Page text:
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The Rolling Stones: Licked Live In NYC


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Rolling Stones
Licked Live In NYC
Mercury Studios

It is no little poetic justice, but also a perfectly appropriate gesture of respect on its own terms that, when The Rolling Stones first appear on the Madison Square Garden stage in Licked Live In NYC, vocalist Mick Jagger is swinging his arm up and down, right in time with the massive thud coming from the drums behind him manned by the late Charlie Watts. Whether or not intended as homage to the dear departed co-founder of the group who passed last year, it does signal how the playing of the group—expanded here to a baker's dozen musicians and singers—revolves around the latter's work on the kit as it's locked in with guitarist Keith Richards' instrument.

Such observations do not in any way disparage bassist Darryl Jones. He of the intimidating physical presence and membership of a Miles Davis band amplifies Richards and Watts' thunder on his own instrument, an effect reinforcing how those two charter members of the Stones lay the foundation of "Start Me Up." Guitarist Ronnie Wood maintains that precise but nonetheless abandoned atmosphere with his own torrid solo, while Chuck Leavell, former Allman Brother (circa Brothers and Sisters (Capricorn, 1973), unfurls a suitably turbulent organ backdrop.

Beginning what has continued in recent years as a concerted effort on the Stones' part to mix up otherwise predictable setlists, eternally-popular tunes such as that pair are part of a setlist here comprised of more than a few so-called 'deep cuts.' In a slightly tongue-in-cheek, countrified arrangement (superior to the superficial soundalikes "Far Away Eyes" or Dead Flowers"),"Let It Bleed" appears in close proximity to "Monkey Man," another cull from the album of that prior cut's same name, while "If You Can't Rock Me" from It's Only Rock 'n Roll (Rolling Stones, 1974) resides comfortably next to "Don't Stop," the single released from the compilation Forty Licks (Rolling Stones, 2002) this road work supported; hardly a profound song, its name could stand as the subtitle for this set as it is without the coy self-consciousness that has occasionally been the bane of the often-caricatured frontman's writing, singing and playing over the years.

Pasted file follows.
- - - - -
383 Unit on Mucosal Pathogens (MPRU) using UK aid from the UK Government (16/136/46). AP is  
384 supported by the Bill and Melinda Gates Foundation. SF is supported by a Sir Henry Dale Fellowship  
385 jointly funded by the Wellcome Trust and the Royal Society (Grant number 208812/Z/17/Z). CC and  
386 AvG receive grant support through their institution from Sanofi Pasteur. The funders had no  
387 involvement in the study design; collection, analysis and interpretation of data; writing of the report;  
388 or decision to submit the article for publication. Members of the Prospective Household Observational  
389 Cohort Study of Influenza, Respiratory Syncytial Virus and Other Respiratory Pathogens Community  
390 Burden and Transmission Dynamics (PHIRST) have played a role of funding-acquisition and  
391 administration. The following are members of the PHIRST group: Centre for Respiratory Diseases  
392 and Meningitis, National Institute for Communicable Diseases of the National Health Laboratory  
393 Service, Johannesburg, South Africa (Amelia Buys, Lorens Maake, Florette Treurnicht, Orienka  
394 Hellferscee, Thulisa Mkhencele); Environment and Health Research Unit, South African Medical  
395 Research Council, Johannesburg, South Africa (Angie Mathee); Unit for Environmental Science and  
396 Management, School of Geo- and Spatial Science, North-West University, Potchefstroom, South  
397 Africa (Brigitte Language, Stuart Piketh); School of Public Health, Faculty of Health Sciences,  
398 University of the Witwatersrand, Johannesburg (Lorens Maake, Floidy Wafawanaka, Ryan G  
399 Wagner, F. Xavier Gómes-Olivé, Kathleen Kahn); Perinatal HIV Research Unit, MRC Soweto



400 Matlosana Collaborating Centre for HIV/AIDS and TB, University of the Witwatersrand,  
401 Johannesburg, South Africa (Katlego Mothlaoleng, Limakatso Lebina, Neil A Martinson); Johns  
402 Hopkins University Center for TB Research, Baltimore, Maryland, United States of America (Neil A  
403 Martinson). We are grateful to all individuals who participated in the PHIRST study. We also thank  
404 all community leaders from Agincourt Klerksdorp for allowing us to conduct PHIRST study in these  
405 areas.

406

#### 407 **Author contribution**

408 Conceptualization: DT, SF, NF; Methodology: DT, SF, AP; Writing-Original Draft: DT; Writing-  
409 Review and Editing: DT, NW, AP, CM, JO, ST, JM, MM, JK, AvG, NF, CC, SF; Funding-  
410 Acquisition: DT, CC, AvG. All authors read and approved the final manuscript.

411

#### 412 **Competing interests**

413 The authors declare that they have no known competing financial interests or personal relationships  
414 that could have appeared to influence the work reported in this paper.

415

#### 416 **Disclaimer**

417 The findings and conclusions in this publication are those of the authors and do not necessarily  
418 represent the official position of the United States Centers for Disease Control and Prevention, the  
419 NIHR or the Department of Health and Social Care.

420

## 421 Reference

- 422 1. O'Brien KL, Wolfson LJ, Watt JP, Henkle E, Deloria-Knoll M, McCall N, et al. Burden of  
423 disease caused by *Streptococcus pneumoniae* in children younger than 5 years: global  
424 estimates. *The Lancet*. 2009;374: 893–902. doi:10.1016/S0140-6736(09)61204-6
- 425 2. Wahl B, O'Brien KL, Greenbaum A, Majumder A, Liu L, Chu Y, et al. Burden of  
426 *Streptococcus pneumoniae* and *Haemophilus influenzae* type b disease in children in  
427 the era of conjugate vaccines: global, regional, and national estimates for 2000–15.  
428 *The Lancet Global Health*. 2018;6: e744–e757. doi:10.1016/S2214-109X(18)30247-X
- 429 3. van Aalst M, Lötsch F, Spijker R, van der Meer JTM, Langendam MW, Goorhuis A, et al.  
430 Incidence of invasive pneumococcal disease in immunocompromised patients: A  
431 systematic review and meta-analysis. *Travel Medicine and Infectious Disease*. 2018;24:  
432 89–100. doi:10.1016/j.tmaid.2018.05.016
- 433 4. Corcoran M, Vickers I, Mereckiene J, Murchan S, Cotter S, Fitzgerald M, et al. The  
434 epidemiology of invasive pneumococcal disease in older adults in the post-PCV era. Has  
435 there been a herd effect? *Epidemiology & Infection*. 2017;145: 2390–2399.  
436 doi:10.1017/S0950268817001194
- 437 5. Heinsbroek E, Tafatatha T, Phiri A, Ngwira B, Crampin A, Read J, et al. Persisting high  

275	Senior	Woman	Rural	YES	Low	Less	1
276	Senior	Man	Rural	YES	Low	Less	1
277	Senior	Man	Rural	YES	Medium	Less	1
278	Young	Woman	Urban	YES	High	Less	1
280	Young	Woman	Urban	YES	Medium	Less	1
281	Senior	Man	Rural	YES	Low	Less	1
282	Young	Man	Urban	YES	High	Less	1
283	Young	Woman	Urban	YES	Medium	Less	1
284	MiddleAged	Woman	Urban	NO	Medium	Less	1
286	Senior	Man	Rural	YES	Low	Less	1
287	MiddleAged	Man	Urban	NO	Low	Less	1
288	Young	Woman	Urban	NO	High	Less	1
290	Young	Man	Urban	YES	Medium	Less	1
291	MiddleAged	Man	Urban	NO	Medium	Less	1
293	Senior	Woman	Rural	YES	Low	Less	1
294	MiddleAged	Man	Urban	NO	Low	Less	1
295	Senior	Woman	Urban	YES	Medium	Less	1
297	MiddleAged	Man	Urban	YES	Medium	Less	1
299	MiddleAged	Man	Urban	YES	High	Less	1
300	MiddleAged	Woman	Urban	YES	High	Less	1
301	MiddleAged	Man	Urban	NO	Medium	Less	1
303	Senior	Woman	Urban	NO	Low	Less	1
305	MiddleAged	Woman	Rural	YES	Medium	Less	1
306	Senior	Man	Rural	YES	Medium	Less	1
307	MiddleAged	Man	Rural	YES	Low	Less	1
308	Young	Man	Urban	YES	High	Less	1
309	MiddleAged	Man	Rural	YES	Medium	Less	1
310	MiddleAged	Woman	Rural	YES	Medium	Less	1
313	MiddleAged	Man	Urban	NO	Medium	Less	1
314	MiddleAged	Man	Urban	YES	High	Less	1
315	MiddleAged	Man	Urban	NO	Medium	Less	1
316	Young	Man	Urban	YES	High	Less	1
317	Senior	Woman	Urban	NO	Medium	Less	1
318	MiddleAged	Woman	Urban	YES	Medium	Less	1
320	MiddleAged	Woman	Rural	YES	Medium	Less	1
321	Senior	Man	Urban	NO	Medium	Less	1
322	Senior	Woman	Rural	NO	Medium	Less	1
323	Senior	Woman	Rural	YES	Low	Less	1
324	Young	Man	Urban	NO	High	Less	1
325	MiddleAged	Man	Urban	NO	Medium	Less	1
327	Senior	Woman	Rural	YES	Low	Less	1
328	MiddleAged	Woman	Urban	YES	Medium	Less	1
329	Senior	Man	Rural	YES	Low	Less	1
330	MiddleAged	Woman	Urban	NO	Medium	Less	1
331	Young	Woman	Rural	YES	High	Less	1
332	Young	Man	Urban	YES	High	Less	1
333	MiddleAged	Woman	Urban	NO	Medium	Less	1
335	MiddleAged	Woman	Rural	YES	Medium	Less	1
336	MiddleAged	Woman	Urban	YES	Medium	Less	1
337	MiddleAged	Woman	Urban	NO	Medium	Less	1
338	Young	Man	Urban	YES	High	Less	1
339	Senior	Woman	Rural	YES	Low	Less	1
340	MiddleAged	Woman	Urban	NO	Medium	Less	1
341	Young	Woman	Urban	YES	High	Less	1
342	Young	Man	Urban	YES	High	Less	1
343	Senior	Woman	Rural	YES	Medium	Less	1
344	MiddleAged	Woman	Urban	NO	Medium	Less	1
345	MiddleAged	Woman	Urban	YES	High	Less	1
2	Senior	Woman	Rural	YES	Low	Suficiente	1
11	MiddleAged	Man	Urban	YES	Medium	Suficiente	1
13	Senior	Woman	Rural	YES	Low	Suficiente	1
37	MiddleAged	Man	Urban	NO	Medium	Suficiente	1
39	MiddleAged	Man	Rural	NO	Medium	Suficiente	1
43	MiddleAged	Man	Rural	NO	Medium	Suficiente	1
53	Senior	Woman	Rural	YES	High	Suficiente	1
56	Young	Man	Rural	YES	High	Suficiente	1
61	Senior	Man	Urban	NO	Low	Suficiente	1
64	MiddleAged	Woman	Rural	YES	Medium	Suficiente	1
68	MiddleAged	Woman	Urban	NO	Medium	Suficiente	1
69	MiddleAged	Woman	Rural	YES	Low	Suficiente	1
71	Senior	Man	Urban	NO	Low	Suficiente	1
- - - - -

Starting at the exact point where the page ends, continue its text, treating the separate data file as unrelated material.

Yet such relatively minor faults appear only rarely here, except in Jagger's transparently scripted between-song patter. In fact, the ebb and flow of the performance is unmistakably stable, even in the truncated 'Bonus Feature' of video from the Amsterdam stop of this year-plus tour of 2002-3. The intensity hardly flags over the course of the approximately two-hour duration of the concert and the extended improv is no exception on "Can't You Hear Me Knockin," where saxman Bobby Keys' gutsy solo leads the way for Jagger to take a provocative turn on harmonica. Given its late single set placement, "Sympathy For The Devil" might well be considered overkill, but instead turns into an opportunity for stage production to approach the sensory overload of the musicianship. It's also the audience's chance to surrender itself (if it hadn't already) to an abandoned fever pitch after "Brown Sugar" (which in a rare act of political correctness, the Stones no longer play) and before the hammer-down closing of "Jumpin' Jack Flash."